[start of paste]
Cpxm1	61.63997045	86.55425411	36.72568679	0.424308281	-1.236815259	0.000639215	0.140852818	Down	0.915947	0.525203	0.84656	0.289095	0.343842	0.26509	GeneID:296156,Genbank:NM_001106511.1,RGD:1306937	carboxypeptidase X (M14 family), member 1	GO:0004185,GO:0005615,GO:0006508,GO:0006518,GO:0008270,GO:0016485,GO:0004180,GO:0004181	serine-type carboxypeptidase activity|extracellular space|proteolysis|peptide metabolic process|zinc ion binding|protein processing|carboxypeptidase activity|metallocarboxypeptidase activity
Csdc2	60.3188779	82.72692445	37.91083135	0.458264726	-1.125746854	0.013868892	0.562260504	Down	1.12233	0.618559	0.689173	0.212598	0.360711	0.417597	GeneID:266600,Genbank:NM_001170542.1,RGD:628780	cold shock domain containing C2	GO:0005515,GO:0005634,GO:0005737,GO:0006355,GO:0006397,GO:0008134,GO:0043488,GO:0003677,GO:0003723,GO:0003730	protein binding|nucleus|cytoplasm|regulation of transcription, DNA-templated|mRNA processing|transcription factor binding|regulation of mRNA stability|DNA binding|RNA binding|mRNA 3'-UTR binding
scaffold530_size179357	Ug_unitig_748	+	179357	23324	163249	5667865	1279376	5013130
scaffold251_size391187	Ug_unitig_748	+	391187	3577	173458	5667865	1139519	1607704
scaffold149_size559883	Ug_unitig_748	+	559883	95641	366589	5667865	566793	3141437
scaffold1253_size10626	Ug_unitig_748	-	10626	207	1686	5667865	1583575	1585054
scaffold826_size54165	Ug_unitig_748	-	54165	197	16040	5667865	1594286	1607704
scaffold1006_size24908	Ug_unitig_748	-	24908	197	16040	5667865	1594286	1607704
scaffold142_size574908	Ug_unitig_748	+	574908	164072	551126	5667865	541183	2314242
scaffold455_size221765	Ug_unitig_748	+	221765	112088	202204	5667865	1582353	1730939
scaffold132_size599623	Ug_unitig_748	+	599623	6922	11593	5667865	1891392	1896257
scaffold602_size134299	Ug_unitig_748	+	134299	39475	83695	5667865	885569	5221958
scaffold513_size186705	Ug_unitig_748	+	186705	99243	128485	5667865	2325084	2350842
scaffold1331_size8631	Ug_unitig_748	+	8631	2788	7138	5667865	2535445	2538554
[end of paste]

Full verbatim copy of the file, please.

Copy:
Cpxm1	61.63997045	86.55425411	36.72568679	0.424308281	-1.236815259	0.000639215	0.140852818	Down	0.915947	0.525203	0.84656	0.289095	0.343842	0.26509	GeneID:296156,Genbank:NM_001106511.1,RGD:1306937	carboxypeptidase X (M14 family), member 1	GO:0004185,GO:0005615,GO:0006508,GO:0006518,GO:0008270,GO:0016485,GO:0004180,GO:0004181	serine-type carboxypeptidase activity|extracellular space|proteolysis|peptide metabolic process|zinc ion binding|protein processing|carboxypeptidase activity|metallocarboxypeptidase activity
Csdc2	60.3188779	82.72692445	37.91083135	0.458264726	-1.125746854	0.013868892	0.562260504	Down	1.12233	0.618559	0.689173	0.212598	0.360711	0.417597	GeneID:266600,Genbank:NM_001170542.1,RGD:628780	cold shock domain containing C2	GO:0005515,GO:0005634,GO:0005737,GO:0006355,GO:0006397,GO:0008134,GO:0043488,GO:0003677,GO:0003723,GO:0003730	protein binding|nucleus|cytoplasm|regulation of transcription, DNA-templated|mRNA processing|transcription factor binding|regulation of mRNA stability|DNA binding|RNA binding|mRNA 3'-UTR binding
scaffold530_size179357	Ug_unitig_748	+	179357	23324	163249	5667865	1279376	5013130
scaffold251_size391187	Ug_unitig_748	+	391187	3577	173458	5667865	1139519	1607704
scaffold149_size559883	Ug_unitig_748	+	559883	95641	366589	5667865	566793	3141437
scaffold1253_size10626	Ug_unitig_748	-	10626	207	1686	5667865	1583575	1585054
scaffold826_size54165	Ug_unitig_748	-	54165	197	16040	5667865	1594286	1607704
scaffold1006_size24908	Ug_unitig_748	-	24908	197	16040	5667865	1594286	1607704
scaffold142_size574908	Ug_unitig_748	+	574908	164072	551126	5667865	541183	2314242
scaffold455_size221765	Ug_unitig_748	+	221765	112088	202204	5667865	1582353	1730939
scaffold132_size599623	Ug_unitig_748	+	599623	6922	11593	5667865	1891392	1896257
scaffold602_size134299	Ug_unitig_748	+	134299	39475	83695	5667865	885569	5221958
scaffold513_size186705	Ug_unitig_748	+	186705	99243	128485	5667865	2325084	2350842
scaffold1331_size8631	Ug_unitig_748	+	8631	2788	7138	5667865	2535445	2538554